Back in Europe, floating wind was recently spotlighted as the technology that needs more ambition from EU member states to keep Europe at the

Offshore WIND | NO. 04 2018


It’s time to start talking


For a long time, the development of offshore wind was little contested by other sea uses in the North Sea. Whilst there were objections from fishermen due to limiting their access to sea space and tourism representatives concerned by visual impacts on the coast, few spatial conflicts were the order of the day. But this will change in the coming decade. The increasing amount of offshore wind farms, and new technologies such as floating offshore wind farms, will demand more and more space in the North Sea. Space which initially was used by fishing or shipping or is of high importance for marine wildlife. For offshore wind developers, it is therefore important to think and talk spatially, to prevent conflicts and enhance cooperation with other sea uses. This is most effective through active participation in different Maritime Spatial Planning processes.

Being able to designate an area for offshore wind


Offshore WIND | NO. 04 2018

Access to the same locations by incompatible uses, due to similar required space characteristics, often leads users to compete. This incompatibility between competing maritime uses results in offshore wind seeking to establish exclusive access to ocean space. Increased claims for exclusive use of marine space from offshore wind farms results in significant competition amongst stakeholders. This is causing spatial conflicts. To deal with these potential conflicts, management authorities have been developing Maritime Spatial Plans. These plans aim to accommodate all sea uses in the best possible way. In these plans, sufficient space for new offshore wind farms is often identified in favourable sites for, for example, strong winds and shallow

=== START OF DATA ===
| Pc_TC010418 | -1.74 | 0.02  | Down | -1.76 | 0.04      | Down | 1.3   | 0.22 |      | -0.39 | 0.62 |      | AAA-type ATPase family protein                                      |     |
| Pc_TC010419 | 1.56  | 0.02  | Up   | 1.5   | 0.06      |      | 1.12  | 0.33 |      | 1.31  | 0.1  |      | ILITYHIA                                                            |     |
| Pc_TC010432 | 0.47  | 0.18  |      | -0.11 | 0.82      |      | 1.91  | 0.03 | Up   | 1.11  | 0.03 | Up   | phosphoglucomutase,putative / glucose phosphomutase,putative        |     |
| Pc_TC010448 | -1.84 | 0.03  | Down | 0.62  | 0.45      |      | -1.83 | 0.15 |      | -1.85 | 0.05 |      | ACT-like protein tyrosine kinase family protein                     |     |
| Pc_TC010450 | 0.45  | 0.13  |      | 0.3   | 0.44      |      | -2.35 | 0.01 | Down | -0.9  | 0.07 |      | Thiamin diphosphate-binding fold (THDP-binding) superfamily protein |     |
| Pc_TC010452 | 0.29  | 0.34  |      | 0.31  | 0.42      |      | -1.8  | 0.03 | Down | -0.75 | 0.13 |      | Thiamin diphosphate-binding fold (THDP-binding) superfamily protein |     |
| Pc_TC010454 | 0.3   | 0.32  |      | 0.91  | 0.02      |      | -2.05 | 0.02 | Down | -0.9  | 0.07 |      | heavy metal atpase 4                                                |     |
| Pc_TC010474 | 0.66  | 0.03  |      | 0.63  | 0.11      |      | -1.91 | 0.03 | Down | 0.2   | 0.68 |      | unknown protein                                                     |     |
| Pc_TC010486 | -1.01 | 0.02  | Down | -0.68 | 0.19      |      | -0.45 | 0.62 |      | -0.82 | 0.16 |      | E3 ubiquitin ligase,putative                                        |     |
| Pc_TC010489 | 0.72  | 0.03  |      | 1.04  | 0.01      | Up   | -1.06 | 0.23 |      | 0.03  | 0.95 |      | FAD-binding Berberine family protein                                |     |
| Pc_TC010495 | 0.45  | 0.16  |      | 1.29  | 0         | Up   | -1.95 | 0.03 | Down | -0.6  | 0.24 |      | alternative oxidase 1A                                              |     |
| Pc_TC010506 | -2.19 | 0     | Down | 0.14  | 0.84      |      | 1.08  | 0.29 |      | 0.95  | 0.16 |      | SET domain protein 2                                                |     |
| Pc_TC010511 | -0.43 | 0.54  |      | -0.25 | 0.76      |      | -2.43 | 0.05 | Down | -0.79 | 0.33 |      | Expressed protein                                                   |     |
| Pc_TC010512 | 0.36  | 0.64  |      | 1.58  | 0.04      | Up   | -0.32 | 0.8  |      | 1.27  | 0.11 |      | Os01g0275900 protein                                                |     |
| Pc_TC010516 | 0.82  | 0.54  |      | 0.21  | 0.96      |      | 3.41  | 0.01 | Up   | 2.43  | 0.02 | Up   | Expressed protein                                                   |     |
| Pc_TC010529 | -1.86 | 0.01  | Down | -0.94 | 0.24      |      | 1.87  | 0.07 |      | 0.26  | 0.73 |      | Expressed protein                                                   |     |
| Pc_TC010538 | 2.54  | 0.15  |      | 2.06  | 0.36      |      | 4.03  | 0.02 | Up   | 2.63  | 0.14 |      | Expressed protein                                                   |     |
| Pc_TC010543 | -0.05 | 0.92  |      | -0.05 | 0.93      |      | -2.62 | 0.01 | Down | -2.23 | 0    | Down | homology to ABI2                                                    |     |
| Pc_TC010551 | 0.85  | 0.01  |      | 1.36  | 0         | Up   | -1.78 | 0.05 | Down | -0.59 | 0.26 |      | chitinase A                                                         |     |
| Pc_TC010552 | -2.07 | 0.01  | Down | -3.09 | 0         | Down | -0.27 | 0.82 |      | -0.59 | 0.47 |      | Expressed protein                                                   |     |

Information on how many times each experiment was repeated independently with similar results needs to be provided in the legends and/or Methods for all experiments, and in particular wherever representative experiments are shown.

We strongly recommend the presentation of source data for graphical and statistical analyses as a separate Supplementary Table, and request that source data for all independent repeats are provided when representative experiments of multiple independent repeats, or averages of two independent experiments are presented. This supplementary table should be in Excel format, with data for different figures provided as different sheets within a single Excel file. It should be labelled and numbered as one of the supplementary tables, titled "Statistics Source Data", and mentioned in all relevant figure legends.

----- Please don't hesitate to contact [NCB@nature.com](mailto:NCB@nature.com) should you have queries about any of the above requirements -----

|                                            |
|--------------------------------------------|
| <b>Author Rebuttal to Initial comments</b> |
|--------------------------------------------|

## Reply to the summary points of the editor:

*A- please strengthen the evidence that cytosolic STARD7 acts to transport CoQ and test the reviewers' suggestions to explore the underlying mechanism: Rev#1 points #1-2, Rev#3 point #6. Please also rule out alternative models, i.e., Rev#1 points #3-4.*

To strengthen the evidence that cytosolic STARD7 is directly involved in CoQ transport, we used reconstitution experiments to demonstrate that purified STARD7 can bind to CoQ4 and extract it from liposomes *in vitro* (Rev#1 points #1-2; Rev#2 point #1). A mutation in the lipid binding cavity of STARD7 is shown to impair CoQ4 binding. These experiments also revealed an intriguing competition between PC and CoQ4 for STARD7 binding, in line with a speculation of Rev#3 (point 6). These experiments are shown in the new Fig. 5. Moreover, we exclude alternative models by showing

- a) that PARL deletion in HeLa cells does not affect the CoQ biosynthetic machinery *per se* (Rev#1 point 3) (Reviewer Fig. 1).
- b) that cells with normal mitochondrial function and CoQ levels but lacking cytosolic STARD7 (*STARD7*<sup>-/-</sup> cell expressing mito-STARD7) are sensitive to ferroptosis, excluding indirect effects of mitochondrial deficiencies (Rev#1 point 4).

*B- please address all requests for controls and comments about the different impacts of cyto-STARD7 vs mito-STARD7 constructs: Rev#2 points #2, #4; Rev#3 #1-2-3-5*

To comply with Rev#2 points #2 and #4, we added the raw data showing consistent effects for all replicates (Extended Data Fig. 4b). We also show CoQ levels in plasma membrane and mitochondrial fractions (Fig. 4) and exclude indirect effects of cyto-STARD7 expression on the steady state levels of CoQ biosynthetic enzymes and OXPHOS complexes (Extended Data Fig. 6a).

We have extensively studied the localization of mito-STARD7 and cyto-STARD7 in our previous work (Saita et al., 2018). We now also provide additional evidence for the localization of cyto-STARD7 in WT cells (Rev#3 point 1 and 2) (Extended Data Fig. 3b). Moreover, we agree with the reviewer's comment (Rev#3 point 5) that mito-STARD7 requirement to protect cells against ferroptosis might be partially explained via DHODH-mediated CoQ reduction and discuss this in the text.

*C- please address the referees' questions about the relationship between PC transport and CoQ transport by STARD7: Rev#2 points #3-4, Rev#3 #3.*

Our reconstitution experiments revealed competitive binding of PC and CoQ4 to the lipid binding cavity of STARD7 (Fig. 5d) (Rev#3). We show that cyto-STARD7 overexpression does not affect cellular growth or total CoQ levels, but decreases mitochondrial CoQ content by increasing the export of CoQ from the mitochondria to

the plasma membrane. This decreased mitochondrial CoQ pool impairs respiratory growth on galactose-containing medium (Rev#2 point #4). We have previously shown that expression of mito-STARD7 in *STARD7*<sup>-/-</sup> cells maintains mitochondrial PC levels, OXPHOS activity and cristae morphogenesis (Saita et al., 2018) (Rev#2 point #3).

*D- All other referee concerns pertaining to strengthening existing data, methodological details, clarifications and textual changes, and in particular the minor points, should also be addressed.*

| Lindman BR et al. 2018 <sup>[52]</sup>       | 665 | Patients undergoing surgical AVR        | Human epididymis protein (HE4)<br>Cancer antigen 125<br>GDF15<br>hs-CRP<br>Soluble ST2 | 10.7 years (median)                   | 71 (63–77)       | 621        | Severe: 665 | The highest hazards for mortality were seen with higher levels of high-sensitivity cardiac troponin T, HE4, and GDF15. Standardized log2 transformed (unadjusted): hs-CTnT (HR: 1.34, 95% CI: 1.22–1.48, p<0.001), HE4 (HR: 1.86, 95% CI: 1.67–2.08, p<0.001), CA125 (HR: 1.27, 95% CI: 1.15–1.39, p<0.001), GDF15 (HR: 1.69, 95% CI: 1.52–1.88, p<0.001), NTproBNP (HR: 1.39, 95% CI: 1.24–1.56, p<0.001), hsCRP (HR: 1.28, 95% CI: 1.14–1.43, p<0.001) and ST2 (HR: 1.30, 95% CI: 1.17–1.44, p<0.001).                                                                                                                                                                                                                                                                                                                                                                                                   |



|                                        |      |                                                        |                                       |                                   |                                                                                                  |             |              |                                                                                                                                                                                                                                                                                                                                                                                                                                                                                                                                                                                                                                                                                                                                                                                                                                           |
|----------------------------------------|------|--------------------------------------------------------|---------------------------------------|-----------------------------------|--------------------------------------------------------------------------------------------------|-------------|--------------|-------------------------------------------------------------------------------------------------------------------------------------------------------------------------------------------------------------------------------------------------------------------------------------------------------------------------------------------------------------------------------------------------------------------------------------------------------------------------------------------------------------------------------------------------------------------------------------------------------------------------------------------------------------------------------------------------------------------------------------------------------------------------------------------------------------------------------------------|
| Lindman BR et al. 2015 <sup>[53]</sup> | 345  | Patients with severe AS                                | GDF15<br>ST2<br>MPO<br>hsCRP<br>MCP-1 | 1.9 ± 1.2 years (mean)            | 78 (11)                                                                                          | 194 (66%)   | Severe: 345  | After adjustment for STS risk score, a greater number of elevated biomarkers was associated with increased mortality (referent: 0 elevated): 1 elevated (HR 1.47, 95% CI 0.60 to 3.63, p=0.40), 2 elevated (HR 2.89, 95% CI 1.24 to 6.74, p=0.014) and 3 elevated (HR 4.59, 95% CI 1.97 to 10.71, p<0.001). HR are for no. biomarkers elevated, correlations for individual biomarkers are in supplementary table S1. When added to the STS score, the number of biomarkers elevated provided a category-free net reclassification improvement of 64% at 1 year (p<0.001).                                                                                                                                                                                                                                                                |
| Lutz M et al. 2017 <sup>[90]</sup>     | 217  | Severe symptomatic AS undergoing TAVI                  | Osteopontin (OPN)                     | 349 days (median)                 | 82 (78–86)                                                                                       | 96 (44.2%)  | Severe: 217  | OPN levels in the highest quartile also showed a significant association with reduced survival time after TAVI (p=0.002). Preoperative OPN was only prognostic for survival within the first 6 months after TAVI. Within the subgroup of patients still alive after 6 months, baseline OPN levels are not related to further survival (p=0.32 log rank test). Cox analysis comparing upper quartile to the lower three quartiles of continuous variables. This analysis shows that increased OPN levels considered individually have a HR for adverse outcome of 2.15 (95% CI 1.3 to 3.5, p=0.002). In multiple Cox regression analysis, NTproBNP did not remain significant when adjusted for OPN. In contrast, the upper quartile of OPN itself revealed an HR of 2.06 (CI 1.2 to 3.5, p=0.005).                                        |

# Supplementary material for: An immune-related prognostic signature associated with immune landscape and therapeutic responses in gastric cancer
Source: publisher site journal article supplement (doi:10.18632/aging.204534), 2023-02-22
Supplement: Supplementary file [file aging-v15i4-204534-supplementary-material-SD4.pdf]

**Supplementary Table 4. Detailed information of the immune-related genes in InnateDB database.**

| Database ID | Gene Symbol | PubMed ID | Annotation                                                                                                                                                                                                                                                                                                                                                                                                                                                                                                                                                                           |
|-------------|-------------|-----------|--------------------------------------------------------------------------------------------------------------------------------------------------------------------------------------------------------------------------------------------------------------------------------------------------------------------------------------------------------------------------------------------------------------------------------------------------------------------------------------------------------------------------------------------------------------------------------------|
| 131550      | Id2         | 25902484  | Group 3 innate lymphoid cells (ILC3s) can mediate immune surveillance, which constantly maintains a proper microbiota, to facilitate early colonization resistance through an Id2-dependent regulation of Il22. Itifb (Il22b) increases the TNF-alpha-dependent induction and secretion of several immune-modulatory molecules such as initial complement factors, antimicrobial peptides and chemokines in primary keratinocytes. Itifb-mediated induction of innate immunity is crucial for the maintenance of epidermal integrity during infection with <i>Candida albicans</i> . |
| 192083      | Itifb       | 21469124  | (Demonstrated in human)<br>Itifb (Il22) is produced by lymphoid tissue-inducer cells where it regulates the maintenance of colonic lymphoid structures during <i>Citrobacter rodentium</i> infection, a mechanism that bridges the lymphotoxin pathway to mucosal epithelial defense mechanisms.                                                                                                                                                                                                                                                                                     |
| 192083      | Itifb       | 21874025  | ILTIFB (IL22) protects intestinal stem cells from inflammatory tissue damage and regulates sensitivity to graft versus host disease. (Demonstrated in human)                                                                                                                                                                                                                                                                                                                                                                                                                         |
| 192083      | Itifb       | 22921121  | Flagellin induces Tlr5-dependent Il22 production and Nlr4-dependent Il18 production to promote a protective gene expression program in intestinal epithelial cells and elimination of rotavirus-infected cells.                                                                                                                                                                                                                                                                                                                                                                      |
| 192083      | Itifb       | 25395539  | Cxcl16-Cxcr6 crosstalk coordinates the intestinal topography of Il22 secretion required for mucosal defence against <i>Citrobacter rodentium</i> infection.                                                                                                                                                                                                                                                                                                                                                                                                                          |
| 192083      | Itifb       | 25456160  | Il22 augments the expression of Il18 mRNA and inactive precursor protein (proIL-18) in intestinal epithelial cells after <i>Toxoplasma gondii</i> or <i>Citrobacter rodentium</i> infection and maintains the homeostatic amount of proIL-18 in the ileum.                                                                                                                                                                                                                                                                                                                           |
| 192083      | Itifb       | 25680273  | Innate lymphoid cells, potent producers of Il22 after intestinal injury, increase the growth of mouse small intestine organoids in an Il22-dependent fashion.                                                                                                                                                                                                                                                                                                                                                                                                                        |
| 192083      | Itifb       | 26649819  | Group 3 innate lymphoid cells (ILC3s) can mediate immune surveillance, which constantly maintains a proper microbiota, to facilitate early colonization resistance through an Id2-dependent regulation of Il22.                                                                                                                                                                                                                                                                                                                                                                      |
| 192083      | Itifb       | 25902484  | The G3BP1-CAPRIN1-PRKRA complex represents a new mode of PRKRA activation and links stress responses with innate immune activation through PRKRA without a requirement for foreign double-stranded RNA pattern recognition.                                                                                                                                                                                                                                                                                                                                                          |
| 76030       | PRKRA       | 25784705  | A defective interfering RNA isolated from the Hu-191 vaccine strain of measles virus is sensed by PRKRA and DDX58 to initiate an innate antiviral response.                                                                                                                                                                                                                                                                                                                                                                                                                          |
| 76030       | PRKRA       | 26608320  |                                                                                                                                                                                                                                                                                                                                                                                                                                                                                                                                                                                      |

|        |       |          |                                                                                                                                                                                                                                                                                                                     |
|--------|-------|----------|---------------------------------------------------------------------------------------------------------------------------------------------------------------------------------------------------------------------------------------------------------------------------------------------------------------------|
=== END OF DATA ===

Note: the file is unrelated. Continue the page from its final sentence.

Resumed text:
water. However, wind farms can only be developed where any negative effects on other sea uses are at acceptable levels. With the exception of Norway and Sweden, most countries in the North Sea have planned and designated spatial areas for offshore renewable energy in one form or another. Many offshore wind organisations do not realise the enormous spatial puzzle a planner has to solve before actually being able to designate an area for offshore wind. This puzzle can only be solved if the planner has sufficient expert information. Information about what the sector wants now, but also in the near and far future. The planner needs to understand the so called ‘spatial implications’ of a